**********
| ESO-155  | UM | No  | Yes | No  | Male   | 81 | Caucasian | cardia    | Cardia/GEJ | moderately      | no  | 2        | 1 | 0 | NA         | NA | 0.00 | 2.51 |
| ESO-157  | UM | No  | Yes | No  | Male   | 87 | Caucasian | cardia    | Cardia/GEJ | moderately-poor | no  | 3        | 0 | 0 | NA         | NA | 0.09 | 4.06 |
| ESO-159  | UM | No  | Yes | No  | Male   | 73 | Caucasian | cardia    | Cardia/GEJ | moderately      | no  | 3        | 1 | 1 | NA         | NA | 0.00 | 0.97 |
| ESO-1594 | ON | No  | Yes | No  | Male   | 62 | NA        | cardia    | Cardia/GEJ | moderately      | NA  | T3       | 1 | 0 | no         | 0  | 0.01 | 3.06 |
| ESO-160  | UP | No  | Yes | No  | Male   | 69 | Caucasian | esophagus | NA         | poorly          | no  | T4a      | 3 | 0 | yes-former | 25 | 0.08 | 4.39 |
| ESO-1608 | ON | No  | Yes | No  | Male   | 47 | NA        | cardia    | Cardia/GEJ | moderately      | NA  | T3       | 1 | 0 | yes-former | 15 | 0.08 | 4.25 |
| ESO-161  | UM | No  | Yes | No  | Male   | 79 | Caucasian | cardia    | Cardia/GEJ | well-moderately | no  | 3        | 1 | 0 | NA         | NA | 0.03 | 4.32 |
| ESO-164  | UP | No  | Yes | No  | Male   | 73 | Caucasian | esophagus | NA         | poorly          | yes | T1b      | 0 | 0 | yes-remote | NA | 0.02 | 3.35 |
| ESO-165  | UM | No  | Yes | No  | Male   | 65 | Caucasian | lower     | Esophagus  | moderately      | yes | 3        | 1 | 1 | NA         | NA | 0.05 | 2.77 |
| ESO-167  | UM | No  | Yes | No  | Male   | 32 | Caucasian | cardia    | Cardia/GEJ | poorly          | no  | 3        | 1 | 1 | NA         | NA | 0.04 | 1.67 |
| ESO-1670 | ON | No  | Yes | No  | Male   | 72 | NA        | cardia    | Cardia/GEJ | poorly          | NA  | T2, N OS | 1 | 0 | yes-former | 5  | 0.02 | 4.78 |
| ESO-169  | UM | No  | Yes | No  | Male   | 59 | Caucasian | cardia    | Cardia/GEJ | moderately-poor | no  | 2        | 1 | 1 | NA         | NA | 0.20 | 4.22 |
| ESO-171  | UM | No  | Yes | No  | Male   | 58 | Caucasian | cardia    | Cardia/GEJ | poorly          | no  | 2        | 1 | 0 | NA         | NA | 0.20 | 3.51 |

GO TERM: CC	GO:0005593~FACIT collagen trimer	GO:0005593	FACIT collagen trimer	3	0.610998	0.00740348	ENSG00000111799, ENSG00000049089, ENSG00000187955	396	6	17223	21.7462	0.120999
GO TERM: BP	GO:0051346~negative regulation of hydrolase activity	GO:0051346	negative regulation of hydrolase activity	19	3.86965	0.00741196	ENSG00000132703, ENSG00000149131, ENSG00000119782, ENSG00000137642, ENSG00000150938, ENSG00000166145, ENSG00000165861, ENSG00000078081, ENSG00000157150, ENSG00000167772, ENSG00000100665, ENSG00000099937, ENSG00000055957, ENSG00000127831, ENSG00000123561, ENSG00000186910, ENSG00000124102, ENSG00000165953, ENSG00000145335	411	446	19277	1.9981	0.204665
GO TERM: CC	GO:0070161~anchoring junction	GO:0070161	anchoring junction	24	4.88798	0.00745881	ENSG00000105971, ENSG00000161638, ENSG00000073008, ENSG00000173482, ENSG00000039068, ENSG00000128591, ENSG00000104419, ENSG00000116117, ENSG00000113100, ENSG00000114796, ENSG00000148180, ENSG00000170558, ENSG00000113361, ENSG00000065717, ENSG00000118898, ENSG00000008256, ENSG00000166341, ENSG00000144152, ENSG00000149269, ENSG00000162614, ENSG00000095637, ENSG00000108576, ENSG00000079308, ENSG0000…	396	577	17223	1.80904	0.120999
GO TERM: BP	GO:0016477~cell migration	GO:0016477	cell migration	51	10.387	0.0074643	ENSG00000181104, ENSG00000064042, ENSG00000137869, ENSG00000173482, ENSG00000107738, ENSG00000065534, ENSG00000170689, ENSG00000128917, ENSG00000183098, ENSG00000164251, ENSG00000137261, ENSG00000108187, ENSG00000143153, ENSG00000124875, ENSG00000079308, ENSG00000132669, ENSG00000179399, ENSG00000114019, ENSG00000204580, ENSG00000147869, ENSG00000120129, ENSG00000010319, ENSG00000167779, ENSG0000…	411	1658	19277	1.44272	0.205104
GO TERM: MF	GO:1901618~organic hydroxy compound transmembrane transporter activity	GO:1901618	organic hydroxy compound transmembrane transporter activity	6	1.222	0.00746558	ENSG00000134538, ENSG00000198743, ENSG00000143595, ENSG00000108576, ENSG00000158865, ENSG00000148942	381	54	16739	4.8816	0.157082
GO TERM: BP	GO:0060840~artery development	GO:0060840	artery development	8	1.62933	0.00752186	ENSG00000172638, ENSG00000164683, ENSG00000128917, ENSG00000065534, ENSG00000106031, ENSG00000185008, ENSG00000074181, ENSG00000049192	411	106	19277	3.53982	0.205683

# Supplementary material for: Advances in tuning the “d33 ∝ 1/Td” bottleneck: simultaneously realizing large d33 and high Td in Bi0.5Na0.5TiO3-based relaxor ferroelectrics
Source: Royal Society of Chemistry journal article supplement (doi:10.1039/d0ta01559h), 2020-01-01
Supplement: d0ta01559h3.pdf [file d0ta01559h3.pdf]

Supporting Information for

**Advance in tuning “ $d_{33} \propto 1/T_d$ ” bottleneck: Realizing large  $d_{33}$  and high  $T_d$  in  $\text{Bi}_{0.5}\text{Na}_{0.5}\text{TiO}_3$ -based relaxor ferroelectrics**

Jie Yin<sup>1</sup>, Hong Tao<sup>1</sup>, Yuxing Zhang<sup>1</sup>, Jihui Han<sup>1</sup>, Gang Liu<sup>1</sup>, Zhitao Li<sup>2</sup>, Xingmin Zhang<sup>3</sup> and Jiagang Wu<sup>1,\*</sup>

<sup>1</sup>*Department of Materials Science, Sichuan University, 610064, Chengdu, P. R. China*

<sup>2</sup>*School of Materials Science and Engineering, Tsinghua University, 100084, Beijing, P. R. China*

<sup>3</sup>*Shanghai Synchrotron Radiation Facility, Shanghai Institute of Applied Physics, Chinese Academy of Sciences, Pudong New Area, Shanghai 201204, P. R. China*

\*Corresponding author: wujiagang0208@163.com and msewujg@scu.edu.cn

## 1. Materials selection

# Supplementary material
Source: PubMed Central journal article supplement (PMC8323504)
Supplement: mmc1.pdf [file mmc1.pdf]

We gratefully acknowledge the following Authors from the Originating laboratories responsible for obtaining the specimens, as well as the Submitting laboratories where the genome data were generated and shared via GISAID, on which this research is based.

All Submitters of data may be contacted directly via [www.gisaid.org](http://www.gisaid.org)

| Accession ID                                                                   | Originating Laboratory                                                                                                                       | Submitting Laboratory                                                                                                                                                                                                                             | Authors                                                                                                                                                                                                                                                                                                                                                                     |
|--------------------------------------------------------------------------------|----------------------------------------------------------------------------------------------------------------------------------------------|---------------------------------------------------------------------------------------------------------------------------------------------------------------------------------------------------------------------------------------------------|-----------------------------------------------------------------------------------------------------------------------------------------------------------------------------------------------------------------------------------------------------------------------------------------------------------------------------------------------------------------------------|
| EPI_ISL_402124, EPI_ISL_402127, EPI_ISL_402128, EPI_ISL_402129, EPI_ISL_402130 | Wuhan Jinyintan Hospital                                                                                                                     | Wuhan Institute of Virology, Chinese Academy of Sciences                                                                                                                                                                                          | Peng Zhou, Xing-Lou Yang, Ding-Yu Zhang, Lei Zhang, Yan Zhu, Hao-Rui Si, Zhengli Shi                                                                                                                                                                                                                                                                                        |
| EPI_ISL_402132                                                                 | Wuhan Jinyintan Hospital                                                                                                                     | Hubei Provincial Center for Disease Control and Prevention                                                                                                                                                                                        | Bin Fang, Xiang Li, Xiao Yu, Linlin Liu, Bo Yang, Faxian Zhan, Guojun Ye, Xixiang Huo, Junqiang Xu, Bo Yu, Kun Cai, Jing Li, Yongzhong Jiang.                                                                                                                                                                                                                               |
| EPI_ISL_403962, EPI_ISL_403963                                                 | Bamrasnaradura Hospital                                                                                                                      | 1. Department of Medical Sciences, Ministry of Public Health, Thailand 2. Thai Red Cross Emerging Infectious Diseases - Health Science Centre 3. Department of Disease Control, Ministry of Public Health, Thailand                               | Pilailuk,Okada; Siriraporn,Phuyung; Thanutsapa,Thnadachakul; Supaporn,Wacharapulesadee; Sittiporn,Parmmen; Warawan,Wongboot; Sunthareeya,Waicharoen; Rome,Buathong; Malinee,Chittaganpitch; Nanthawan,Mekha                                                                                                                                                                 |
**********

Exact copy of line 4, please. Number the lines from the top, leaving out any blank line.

| ESO-1594 | ON | No  | Yes | No  | Male   | 62 | NA        | cardia    | Cardia/GEJ | moderately      | NA  | T3       | 1 | 0 | no         | 0  | 0.01 | 3.06 |